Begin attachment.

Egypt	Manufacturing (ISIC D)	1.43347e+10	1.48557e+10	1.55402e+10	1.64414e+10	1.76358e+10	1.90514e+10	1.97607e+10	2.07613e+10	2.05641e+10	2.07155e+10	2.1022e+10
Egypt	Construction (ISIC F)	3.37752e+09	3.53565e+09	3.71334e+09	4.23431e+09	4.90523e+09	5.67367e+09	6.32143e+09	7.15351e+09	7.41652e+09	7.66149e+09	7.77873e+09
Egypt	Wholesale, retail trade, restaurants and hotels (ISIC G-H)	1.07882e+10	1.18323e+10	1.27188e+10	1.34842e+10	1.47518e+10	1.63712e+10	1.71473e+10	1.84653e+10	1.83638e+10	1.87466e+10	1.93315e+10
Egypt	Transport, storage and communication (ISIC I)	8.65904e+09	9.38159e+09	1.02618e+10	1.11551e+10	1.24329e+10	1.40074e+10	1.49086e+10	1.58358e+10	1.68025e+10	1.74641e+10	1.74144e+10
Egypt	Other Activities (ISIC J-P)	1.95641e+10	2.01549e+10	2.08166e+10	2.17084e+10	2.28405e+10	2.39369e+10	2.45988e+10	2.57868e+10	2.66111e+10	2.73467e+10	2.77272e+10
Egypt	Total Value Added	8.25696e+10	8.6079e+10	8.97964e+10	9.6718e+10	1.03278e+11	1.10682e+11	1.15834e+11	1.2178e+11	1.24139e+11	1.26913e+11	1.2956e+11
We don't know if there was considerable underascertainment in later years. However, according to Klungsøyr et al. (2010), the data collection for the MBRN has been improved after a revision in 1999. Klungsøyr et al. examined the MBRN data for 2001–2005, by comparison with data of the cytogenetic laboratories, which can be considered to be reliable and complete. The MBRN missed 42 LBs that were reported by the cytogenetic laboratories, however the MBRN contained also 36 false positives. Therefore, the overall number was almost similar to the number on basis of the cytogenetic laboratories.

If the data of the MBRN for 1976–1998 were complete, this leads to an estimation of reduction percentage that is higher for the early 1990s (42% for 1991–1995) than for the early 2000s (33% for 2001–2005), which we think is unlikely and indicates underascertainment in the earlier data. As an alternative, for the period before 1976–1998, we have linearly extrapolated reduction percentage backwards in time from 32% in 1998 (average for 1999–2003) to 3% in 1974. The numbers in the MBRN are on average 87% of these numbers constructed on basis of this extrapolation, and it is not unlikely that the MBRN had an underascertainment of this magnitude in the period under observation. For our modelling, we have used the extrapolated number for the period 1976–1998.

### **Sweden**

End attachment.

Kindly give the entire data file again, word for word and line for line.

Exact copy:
Egypt	Manufacturing (ISIC D)	1.43347e+10	1.48557e+10	1.55402e+10	1.64414e+10	1.76358e+10	1.90514e+10	1.97607e+10	2.07613e+10	2.05641e+10	2.07155e+10	2.1022e+10
Egypt	Construction (ISIC F)	3.37752e+09	3.53565e+09	3.71334e+09	4.23431e+09	4.90523e+09	5.67367e+09	6.32143e+09	7.15351e+09	7.41652e+09	7.66149e+09	7.77873e+09
Egypt	Wholesale, retail trade, restaurants and hotels (ISIC G-H)	1.07882e+10	1.18323e+10	1.27188e+10	1.34842e+10	1.47518e+10	1.63712e+10	1.71473e+10	1.84653e+10	1.83638e+10	1.87466e+10	1.93315e+10
Egypt	Transport, storage and communication (ISIC I)	8.65904e+09	9.38159e+09	1.02618e+10	1.11551e+10	1.24329e+10	1.40074e+10	1.49086e+10	1.58358e+10	1.68025e+10	1.74641e+10	1.74144e+10
Egypt	Other Activities (ISIC J-P)	1.95641e+10	2.01549e+10	2.08166e+10	2.17084e+10	2.28405e+10	2.39369e+10	2.45988e+10	2.57868e+10	2.66111e+10	2.73467e+10	2.77272e+10
Egypt	Total Value Added	8.25696e+10	8.6079e+10	8.97964e+10	9.6718e+10	1.03278e+11	1.10682e+11	1.15834e+11	1.2178e+11	1.24139e+11	1.26913e+11	1.2956e+11
We don't know if there was considerable underascertainment in later years. However, according to Klungsøyr et al. (2010), the data collection for the MBRN has been improved after a revision in 1999. Klungsøyr et al. examined the MBRN data for 2001–2005, by comparison with data of the cytogenetic laboratories, which can be considered to be reliable and complete. The MBRN missed 42 LBs that were reported by the cytogenetic laboratories, however the MBRN contained also 36 false positives. Therefore, the overall number was almost similar to the number on basis of the cytogenetic laboratories.

If the data of the MBRN for 1976–1998 were complete, this leads to an estimation of reduction percentage that is higher for the early 1990s (42% for 1991–1995) than for the early 2000s (33% for 2001–2005), which we think is unlikely and indicates underascertainment in the earlier data. As an alternative, for the period before 1976–1998, we have linearly extrapolated reduction percentage backwards in time from 32% in 1998 (average for 1999–2003) to 3% in 1974. The numbers in the MBRN are on average 87% of these numbers constructed on basis of this extrapolation, and it is not unlikely that the MBRN had an underascertainment of this magnitude in the period under observation. For our modelling, we have used the extrapolated number for the period 1976–1998.

### **Sweden**